Occasionally, I see groups of really old men gather. They usually sit in the leather chairs, and are very loud but generally in high spirits. They discuss politics, but distantly. They've seen it all and are in agreement about which candidates are good and which are not. Debates never ensue. Whatever their party is, they don't seem particularly loyal.
Occasionally, two people who are friends with each other might meet for a quick cup. They are usually women, and they tend to be in their late 40's or early 50's. I almost never see couples (in the romantic sense) who meet to just have coffee. I suspect the reason for this is that drinks everywhere are now served in paper cups, which basically scream, "Take this and please leave." There's nothing relaxing about it. (Because I have no intention of leaving, they don't really bother me, though I'd kill for coffee served in a proper cup and saucer.)
When I'm not wearing headphones, the conversations I overhear are almost always the same. Friends who meet almost always discuss family problems: recent deaths, aging parents, children adrift—that sort of thing. There are occasional religious discussions. (When there are, that's usually the whole purpose of this visit.) They swap Bible website addresses and talk about what the Lord says about forgiveness. (Forgiveness is invariably the topic of discussion.) One or both bring those Bibles with the zipper on the side. It's serious business, the religious meetings.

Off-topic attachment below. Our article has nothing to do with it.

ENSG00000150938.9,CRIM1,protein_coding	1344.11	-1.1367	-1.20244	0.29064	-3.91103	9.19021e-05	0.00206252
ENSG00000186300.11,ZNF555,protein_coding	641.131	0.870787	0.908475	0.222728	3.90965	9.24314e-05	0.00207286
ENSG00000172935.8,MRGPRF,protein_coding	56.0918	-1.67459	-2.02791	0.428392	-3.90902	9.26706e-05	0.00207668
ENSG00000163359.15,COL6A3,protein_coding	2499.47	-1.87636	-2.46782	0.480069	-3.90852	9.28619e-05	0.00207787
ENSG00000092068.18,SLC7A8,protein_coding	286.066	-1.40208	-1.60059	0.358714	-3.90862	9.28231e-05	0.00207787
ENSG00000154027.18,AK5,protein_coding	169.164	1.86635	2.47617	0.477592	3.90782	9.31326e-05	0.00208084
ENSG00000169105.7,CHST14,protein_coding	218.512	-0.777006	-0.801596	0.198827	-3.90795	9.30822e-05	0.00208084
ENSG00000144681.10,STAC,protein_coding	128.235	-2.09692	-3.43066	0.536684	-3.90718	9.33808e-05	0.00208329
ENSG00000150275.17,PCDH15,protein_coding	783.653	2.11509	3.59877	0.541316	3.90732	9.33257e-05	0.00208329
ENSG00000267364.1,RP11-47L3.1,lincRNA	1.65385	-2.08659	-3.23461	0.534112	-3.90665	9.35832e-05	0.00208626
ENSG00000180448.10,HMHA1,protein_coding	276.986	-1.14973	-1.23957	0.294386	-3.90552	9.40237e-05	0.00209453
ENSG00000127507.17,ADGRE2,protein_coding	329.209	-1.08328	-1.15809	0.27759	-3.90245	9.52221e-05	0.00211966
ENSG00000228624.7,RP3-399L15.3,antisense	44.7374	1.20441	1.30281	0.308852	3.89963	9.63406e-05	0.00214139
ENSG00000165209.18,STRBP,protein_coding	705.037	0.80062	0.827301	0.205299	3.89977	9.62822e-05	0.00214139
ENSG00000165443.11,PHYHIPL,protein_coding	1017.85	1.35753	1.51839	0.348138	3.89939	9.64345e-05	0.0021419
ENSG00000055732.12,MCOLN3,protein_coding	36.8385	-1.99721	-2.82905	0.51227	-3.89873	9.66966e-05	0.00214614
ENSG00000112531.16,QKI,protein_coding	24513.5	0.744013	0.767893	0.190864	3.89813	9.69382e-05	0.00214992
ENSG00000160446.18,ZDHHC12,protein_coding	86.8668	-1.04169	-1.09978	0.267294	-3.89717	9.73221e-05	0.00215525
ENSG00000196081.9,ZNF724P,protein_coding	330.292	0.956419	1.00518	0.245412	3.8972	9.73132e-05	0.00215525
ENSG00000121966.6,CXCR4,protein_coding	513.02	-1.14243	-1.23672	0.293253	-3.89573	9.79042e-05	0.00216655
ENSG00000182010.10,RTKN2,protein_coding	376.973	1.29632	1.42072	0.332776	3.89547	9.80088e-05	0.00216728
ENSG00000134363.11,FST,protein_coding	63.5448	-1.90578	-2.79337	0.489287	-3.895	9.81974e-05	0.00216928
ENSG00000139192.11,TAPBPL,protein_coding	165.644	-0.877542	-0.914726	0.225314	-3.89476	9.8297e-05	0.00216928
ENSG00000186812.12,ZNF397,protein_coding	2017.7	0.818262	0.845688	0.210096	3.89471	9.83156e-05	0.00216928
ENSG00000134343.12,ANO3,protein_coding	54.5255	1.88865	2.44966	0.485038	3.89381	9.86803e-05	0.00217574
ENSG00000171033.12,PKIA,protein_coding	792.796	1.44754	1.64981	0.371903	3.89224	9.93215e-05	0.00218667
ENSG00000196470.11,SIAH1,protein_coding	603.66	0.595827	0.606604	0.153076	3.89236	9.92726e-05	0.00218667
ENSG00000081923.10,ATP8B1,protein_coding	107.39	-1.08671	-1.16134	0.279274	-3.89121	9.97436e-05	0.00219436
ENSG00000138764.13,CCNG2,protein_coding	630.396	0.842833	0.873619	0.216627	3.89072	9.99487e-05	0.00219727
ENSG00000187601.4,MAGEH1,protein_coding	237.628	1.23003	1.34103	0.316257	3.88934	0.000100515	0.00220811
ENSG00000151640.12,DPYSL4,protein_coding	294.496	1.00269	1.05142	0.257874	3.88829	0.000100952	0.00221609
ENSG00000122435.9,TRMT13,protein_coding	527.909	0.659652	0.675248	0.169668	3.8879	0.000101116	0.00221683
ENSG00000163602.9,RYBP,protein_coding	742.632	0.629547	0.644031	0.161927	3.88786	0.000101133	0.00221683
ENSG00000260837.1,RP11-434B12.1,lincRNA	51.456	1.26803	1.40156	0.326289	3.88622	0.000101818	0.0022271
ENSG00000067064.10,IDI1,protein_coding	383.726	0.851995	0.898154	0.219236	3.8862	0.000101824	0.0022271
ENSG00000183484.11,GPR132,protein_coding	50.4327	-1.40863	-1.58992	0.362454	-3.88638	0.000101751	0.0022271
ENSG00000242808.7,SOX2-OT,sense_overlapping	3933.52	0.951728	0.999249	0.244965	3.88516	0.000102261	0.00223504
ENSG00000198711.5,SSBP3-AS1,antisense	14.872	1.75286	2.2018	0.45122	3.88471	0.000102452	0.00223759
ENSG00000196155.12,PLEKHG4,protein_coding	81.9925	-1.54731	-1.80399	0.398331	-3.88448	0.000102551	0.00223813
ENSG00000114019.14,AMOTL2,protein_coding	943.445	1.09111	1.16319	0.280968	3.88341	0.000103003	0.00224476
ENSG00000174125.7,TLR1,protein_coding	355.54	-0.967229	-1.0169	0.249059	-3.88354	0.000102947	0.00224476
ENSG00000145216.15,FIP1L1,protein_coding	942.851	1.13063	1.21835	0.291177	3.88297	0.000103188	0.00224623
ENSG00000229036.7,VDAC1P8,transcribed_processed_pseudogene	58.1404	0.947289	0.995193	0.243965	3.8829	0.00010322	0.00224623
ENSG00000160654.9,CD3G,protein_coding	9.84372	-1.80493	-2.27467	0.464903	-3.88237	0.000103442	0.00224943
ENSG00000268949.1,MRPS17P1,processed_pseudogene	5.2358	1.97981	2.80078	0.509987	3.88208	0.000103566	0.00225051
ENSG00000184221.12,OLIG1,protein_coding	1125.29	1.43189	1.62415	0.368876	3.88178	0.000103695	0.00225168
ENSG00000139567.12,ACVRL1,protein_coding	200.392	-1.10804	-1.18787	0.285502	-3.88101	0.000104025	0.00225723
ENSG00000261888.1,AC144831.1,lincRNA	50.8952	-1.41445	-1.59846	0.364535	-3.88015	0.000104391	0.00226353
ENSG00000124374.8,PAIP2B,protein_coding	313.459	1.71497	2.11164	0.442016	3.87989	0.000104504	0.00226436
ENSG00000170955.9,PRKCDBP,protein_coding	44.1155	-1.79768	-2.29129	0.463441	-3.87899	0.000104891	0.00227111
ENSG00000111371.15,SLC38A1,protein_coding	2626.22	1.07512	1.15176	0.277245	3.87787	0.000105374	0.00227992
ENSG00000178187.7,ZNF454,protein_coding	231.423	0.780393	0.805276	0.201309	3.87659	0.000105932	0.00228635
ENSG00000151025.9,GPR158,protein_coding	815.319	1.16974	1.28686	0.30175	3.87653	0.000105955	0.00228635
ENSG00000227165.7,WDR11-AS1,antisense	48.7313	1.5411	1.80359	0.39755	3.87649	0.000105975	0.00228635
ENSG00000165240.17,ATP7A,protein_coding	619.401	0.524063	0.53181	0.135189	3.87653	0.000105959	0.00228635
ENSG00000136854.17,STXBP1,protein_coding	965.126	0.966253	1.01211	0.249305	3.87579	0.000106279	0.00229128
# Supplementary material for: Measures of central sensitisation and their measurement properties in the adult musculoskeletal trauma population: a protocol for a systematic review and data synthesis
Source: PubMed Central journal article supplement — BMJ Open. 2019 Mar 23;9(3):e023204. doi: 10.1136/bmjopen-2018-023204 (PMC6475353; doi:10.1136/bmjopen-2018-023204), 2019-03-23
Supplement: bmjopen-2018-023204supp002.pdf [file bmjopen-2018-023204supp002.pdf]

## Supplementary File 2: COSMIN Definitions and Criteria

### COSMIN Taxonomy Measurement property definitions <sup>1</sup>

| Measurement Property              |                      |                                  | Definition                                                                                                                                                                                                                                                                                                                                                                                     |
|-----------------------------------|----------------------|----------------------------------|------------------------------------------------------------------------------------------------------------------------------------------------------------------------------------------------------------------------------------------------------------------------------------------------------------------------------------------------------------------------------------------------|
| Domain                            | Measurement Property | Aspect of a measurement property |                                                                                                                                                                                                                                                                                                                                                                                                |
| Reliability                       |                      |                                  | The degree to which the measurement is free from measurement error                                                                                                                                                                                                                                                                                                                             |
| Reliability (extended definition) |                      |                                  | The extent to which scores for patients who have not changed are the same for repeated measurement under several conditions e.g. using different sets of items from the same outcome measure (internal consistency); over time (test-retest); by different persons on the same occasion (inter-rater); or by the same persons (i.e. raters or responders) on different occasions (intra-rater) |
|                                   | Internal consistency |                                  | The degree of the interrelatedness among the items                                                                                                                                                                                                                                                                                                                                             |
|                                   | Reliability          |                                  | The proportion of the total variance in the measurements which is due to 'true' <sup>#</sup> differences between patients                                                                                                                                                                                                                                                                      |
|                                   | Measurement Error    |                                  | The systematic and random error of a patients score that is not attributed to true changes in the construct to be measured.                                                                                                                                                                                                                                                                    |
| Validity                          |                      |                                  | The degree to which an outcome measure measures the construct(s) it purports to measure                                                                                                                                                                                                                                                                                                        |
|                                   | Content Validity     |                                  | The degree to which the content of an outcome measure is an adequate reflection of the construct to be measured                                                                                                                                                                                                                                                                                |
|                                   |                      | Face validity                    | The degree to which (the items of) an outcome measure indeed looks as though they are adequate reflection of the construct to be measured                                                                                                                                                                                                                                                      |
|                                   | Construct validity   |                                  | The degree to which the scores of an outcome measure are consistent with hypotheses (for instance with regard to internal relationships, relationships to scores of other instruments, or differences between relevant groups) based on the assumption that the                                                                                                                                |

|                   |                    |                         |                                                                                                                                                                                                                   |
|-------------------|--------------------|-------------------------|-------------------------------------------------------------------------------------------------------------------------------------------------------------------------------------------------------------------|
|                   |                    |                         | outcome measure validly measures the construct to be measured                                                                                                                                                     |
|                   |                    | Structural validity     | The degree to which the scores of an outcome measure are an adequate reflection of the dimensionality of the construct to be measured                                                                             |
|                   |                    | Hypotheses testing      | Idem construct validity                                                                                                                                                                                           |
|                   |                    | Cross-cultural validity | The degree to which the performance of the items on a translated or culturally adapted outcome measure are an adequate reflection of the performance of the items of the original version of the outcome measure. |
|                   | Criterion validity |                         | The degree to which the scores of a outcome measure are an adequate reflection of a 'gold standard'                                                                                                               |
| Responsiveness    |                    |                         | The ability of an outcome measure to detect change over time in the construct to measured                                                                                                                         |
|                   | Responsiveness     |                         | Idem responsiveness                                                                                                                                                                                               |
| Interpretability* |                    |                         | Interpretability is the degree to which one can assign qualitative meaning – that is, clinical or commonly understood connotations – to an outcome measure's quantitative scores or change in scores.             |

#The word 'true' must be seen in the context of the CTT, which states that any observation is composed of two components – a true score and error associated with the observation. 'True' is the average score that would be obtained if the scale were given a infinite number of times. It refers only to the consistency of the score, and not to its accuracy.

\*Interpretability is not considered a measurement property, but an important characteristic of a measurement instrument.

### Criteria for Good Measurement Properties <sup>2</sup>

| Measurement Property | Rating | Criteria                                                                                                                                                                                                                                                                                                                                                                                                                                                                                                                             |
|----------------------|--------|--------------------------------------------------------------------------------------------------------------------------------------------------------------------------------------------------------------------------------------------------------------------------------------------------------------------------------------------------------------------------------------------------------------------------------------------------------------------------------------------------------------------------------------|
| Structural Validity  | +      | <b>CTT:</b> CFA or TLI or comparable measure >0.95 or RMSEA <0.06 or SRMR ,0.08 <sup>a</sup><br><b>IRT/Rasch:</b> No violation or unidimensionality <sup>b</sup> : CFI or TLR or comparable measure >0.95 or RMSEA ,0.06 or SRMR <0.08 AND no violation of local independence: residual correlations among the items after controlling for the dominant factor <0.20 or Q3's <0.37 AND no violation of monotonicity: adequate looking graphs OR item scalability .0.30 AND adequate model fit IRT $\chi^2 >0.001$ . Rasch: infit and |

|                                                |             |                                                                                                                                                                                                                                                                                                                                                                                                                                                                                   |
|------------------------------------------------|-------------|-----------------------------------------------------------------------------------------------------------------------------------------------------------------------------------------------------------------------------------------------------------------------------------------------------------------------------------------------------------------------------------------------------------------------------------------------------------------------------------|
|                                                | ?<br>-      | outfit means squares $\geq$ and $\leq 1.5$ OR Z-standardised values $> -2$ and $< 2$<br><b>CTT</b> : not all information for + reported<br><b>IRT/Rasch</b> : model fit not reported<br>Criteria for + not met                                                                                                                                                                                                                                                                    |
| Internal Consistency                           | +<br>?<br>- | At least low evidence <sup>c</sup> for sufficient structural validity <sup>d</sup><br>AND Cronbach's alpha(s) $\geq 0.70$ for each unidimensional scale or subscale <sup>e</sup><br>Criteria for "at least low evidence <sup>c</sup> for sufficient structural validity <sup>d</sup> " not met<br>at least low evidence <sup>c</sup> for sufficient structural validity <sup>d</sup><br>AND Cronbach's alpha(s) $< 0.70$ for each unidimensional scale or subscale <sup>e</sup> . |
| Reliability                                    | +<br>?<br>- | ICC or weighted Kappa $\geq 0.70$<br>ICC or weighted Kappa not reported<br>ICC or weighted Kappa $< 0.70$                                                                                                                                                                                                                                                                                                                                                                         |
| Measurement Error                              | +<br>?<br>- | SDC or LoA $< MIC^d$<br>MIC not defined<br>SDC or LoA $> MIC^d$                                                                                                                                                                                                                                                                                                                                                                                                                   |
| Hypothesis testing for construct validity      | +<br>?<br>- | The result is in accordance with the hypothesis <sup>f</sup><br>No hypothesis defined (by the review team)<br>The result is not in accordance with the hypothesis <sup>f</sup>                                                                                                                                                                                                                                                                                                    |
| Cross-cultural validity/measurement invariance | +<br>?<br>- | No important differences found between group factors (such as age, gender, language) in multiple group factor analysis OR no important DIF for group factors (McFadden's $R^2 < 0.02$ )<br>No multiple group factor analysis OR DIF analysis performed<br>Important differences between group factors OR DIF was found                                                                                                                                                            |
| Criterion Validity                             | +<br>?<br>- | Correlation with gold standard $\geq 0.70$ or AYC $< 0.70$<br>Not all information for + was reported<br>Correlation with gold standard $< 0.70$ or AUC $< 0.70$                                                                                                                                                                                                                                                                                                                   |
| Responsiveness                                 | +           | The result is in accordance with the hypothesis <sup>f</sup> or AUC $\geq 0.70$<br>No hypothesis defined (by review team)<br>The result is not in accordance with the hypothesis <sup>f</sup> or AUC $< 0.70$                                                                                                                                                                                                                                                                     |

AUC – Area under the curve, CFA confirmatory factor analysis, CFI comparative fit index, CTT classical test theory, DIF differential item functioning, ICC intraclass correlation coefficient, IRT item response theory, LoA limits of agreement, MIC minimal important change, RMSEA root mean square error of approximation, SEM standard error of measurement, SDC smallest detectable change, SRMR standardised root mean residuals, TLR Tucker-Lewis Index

After almost 10 years of this, I've only overheard one fight, ever, and it was between two middle aged sisters over money. Not even big money—inheritance-level money—but over a 100 dollars or something. They didn't seem impoverished or anything where 100 would change someone's life. Between the two of them, they probably had 25 dollars worth of specialty drinks and bakery items. I guess it was a principle thing, but the discussion got out of hand, and in the end one of them left in a huff and that was it. Starbucks got boring again.